As part of my studies, I am required to produce a presentation about how I use blogging in my work practice. My presentation is hosted as a voicethread.
Following is a more in-depth reflection on the use of my blog in my work practice.
What is a Weblog?
Essentially a weblog or blog is a web site that is easy to create and update without requiring any technical or programming skills such as HTML. This makes it an accessible web publishing technology to a wide audience. This means virtually anyone can be a publisher. It is a great tool for facilitating conversations. These conversations can be between publishers and readers, but also between publishers and other publishers generating a powerful mesh of interactions. This is achieved by the ability of readers to comment on articles written by publishers. In fact, a publisher’s article on their blog can be a comment to another publisher’s article. This is called a pingback where one article links to another.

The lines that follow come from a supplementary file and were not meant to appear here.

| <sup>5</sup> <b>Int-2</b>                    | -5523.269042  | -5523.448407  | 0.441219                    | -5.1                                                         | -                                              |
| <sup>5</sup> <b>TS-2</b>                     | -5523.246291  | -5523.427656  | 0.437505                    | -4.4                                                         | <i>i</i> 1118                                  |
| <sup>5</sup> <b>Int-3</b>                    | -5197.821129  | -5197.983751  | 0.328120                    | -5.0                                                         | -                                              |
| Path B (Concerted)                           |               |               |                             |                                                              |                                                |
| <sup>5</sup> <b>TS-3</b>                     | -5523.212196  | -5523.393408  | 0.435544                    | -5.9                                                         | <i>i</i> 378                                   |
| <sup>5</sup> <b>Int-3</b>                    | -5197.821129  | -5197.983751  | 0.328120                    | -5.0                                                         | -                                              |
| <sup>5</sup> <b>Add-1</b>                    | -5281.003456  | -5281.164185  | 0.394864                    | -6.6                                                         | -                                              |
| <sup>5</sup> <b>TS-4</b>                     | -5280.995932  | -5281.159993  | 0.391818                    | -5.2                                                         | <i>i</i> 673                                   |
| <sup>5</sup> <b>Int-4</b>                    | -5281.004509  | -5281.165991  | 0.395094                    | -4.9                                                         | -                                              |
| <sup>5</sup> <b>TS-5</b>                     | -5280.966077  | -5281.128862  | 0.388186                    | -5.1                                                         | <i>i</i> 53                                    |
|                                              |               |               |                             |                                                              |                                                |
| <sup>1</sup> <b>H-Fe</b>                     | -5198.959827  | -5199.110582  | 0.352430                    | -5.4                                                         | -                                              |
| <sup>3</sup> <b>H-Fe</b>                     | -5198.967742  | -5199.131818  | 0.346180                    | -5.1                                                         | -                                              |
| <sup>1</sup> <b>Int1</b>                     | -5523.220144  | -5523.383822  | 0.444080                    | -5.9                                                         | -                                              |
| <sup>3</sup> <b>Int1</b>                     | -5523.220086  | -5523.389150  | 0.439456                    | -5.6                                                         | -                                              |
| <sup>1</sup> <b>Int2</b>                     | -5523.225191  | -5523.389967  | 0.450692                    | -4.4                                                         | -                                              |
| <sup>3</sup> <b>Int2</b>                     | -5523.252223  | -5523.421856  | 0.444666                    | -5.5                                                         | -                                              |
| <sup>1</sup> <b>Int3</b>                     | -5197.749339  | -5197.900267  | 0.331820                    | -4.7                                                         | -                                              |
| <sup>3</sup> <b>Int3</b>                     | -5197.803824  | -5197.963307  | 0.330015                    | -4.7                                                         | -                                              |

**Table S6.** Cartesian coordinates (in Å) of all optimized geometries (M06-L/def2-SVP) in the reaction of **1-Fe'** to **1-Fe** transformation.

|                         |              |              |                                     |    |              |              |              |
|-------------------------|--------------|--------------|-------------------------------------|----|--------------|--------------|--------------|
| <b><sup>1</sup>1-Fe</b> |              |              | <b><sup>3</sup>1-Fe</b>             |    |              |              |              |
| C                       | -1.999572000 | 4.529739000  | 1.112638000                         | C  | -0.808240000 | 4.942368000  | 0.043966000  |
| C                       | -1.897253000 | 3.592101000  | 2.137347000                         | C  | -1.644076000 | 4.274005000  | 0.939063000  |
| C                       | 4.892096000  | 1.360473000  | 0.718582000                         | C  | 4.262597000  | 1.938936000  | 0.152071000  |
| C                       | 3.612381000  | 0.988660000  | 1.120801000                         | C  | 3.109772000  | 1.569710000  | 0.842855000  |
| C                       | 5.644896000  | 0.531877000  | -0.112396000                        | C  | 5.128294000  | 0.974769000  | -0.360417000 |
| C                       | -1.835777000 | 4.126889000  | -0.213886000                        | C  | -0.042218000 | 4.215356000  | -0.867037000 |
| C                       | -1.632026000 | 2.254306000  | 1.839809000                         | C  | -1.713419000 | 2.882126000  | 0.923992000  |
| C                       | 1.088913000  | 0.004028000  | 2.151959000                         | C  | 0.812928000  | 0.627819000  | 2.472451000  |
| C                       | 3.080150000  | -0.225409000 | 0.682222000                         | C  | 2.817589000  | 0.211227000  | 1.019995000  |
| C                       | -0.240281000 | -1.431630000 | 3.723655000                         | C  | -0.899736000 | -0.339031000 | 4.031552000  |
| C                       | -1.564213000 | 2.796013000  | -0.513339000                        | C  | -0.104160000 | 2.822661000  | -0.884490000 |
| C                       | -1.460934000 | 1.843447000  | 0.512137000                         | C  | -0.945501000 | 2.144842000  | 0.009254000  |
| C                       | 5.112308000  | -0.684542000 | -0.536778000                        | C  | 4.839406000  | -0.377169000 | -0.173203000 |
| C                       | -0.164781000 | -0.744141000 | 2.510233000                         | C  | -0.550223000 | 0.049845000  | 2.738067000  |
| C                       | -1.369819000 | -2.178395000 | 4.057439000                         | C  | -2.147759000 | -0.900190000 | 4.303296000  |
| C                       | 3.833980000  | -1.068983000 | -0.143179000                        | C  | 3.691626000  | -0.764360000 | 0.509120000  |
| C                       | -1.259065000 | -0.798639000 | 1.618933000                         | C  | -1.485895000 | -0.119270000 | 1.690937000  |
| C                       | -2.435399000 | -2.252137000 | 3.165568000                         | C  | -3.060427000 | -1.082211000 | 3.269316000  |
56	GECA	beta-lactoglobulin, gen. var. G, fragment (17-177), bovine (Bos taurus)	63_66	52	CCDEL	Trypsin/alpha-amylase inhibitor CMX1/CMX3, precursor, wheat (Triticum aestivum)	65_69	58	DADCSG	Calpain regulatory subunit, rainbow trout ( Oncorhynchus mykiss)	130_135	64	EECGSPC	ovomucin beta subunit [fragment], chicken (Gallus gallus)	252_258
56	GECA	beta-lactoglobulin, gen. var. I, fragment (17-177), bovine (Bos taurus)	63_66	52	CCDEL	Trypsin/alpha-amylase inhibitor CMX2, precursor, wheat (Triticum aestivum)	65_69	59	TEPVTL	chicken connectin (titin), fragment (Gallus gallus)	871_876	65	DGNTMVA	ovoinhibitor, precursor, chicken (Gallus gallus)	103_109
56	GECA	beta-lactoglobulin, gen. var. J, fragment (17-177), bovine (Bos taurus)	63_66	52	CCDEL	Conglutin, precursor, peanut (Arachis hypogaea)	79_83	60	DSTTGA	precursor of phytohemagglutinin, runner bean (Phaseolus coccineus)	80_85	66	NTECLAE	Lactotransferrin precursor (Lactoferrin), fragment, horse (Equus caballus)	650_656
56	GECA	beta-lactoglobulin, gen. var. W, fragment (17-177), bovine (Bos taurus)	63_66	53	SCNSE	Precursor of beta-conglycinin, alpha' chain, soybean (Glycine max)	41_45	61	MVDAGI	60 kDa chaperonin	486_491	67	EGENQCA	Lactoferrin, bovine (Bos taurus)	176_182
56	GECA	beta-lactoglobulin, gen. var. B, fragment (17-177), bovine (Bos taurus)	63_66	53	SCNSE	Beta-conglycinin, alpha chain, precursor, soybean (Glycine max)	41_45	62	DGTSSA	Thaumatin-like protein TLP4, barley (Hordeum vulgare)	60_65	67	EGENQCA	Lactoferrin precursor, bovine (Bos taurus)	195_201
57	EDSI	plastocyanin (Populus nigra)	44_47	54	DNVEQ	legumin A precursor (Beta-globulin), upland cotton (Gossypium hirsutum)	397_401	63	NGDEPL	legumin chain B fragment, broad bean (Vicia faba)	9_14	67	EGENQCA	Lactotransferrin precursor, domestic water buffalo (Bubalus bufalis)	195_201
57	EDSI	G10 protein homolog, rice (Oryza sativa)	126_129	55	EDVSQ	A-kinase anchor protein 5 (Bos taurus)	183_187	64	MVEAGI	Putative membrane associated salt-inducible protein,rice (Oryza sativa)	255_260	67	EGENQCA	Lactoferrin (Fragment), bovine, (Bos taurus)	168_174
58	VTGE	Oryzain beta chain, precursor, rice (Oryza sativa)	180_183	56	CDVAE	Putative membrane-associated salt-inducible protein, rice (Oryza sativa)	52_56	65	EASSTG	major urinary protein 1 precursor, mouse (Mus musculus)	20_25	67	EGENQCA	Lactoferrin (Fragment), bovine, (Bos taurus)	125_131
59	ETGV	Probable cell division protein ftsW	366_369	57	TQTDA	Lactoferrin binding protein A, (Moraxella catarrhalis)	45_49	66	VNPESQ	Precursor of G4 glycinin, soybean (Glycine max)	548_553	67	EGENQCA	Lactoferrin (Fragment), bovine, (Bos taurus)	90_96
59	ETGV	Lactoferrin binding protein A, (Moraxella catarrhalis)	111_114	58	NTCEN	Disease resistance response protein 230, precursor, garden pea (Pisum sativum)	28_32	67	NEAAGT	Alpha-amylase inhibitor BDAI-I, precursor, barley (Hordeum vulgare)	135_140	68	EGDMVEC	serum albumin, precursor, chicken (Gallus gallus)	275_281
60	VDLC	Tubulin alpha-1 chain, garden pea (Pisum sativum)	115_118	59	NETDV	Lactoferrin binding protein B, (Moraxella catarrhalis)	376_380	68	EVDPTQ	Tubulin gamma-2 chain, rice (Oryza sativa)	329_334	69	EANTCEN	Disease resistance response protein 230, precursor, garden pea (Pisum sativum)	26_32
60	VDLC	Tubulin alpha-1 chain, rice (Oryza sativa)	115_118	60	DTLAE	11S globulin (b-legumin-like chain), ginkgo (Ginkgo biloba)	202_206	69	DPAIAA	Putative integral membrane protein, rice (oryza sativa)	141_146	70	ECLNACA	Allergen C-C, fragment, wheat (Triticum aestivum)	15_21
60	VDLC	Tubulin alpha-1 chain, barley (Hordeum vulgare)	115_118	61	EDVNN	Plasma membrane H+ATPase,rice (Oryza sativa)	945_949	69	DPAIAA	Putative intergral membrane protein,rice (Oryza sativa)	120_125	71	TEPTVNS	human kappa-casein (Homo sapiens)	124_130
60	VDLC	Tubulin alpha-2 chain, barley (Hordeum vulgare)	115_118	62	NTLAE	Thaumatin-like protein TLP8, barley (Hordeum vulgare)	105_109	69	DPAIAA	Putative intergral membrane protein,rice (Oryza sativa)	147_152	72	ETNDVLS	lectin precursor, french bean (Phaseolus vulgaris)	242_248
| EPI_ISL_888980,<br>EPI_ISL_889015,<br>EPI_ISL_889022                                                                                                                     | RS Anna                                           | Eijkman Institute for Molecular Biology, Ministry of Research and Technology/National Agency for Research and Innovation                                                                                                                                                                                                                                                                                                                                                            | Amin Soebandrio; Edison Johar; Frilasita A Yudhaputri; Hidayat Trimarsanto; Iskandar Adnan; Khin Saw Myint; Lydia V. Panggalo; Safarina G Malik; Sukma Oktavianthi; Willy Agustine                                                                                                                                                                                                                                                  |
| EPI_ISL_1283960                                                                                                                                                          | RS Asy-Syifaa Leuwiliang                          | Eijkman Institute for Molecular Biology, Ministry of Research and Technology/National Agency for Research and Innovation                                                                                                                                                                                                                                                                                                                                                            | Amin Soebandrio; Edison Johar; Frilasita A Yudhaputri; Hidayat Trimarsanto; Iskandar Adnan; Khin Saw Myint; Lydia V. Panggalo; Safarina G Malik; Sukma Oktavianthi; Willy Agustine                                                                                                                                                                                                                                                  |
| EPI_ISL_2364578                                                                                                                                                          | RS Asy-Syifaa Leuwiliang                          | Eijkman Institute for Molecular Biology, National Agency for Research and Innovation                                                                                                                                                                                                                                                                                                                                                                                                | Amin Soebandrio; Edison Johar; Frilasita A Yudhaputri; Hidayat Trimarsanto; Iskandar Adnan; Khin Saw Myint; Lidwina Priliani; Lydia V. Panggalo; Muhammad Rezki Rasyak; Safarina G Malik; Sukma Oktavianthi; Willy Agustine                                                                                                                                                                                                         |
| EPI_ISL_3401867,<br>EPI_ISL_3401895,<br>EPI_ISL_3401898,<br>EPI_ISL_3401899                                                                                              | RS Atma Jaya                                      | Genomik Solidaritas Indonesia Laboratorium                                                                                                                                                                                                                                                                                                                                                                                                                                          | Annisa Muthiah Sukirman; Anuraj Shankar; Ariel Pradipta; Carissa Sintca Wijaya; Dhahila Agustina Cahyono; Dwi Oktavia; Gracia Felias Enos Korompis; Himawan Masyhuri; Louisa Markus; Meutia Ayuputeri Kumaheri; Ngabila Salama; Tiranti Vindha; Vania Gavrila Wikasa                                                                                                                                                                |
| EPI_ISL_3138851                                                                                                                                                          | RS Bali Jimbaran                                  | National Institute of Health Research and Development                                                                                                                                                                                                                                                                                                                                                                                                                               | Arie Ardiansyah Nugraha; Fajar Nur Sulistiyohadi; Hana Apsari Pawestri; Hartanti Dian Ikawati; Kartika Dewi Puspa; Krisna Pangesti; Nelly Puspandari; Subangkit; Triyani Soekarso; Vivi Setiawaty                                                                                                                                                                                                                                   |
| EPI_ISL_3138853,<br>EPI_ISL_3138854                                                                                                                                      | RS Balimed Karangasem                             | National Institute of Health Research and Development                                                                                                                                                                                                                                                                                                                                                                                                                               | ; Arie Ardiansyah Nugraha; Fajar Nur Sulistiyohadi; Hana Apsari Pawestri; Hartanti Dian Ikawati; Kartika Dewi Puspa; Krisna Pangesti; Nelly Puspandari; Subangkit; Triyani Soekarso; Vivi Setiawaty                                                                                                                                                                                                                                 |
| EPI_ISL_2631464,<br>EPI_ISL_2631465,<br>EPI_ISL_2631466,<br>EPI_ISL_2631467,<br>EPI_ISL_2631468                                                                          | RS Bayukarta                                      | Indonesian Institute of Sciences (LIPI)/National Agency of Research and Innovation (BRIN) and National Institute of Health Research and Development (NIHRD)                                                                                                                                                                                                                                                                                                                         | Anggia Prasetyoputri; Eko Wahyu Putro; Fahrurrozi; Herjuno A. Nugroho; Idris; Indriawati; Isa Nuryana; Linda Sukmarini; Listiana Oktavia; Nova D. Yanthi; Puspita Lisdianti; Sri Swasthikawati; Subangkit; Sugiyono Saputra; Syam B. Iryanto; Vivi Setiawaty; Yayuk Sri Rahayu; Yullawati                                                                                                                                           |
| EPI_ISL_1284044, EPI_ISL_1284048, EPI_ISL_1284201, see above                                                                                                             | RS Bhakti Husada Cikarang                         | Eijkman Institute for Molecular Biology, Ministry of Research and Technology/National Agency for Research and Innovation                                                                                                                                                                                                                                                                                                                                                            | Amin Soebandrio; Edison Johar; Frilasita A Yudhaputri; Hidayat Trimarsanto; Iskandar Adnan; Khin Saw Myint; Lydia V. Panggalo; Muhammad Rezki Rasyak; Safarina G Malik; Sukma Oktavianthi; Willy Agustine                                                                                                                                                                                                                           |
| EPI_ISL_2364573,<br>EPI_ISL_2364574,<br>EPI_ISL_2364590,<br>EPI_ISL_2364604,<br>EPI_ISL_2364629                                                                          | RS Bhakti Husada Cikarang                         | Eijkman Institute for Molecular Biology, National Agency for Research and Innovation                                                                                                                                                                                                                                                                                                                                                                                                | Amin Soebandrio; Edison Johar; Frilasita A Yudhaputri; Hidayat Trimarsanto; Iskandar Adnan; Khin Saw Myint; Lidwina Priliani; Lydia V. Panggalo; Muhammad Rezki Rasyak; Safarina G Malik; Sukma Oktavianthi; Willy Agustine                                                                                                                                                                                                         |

The format of a blog is typically a chronicle of articles organised by the date in which they are posted, much like a diary only typically sorted in reverse order (most recent to least recent articles). It is this structure that has given the weblog its name – a web log or journal. However, many blogs also support web pages that do not conform to this chronicle structure and can be arbitrarily published and linked like a typical website.
Organising and cataloguing of information within blog articles (or more commonly known as blog posts) is achieved using keywords known as tags. These tags are unstructured and can be arbitrarily selected by the blogger to represent the contents or topic of each post. Posts in a blog, and even between blogs can then be arranged and categorised based on these tags to generate listings of articles that are all related. It makes organising the contents of blogs easier so that readers can identify posts that are interesting to them. The collective label for blogs is the blogosphere.